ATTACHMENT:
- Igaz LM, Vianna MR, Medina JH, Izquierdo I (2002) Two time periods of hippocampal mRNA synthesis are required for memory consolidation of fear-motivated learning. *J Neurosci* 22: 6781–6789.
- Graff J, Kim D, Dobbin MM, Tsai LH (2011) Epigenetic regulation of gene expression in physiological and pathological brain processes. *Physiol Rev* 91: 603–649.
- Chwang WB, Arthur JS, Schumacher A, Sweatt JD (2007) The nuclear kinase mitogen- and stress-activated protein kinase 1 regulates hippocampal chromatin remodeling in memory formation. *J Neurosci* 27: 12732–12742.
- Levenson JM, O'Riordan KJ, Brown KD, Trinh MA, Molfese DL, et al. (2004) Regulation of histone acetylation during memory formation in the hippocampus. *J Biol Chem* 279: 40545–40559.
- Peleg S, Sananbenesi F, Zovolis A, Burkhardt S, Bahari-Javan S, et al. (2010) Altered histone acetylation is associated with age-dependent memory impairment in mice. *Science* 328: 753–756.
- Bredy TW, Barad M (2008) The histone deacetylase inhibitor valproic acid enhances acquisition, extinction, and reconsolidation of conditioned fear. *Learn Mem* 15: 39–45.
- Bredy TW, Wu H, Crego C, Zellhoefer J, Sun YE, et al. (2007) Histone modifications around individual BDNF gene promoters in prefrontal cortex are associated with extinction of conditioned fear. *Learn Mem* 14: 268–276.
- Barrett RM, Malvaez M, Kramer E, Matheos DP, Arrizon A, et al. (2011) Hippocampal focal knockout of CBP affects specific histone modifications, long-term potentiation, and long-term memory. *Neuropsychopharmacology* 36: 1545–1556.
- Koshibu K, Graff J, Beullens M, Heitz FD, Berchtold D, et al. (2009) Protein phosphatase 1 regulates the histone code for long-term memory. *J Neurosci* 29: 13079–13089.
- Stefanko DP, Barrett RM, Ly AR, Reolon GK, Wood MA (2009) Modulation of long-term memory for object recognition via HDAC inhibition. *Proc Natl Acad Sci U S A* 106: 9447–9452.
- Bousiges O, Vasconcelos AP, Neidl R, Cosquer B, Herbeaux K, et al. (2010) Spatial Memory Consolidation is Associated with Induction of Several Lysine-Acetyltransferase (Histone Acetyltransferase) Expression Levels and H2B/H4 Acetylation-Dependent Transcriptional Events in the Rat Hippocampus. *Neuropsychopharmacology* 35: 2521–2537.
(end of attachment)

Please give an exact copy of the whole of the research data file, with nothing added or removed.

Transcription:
- Igaz LM, Vianna MR, Medina JH, Izquierdo I (2002) Two time periods of hippocampal mRNA synthesis are required for memory consolidation of fear-motivated learning. *J Neurosci* 22: 6781–6789.
- Graff J, Kim D, Dobbin MM, Tsai LH (2011) Epigenetic regulation of gene expression in physiological and pathological brain processes. *Physiol Rev* 91: 603–649.
- Chwang WB, Arthur JS, Schumacher A, Sweatt JD (2007) The nuclear kinase mitogen- and stress-activated protein kinase 1 regulates hippocampal chromatin remodeling in memory formation. *J Neurosci* 27: 12732–12742.
- Levenson JM, O'Riordan KJ, Brown KD, Trinh MA, Molfese DL, et al. (2004) Regulation of histone acetylation during memory formation in the hippocampus. *J Biol Chem* 279: 40545–40559.
- Peleg S, Sananbenesi F, Zovolis A, Burkhardt S, Bahari-Javan S, et al. (2010) Altered histone acetylation is associated with age-dependent memory impairment in mice. *Science* 328: 753–756.
- Bredy TW, Barad M (2008) The histone deacetylase inhibitor valproic acid enhances acquisition, extinction, and reconsolidation of conditioned fear. *Learn Mem* 15: 39–45.
- Bredy TW, Wu H, Crego C, Zellhoefer J, Sun YE, et al. (2007) Histone modifications around individual BDNF gene promoters in prefrontal cortex are associated with extinction of conditioned fear. *Learn Mem* 14: 268–276.
- Barrett RM, Malvaez M, Kramer E, Matheos DP, Arrizon A, et al. (2011) Hippocampal focal knockout of CBP affects specific histone modifications, long-term potentiation, and long-term memory. *Neuropsychopharmacology* 36: 1545–1556.
- Koshibu K, Graff J, Beullens M, Heitz FD, Berchtold D, et al. (2009) Protein phosphatase 1 regulates the histone code for long-term memory. *J Neurosci* 29: 13079–13089.
- Stefanko DP, Barrett RM, Ly AR, Reolon GK, Wood MA (2009) Modulation of long-term memory for object recognition via HDAC inhibition. *Proc Natl Acad Sci U S A* 106: 9447–9452.
- Bousiges O, Vasconcelos AP, Neidl R, Cosquer B, Herbeaux K, et al. (2010) Spatial Memory Consolidation is Associated with Induction of Several Lysine-Acetyltransferase (Histone Acetyltransferase) Expression Levels and H2B/H4 Acetylation-Dependent Transcriptional Events in the Rat Hippocampus. *Neuropsychopharmacology* 35: 2521–2537.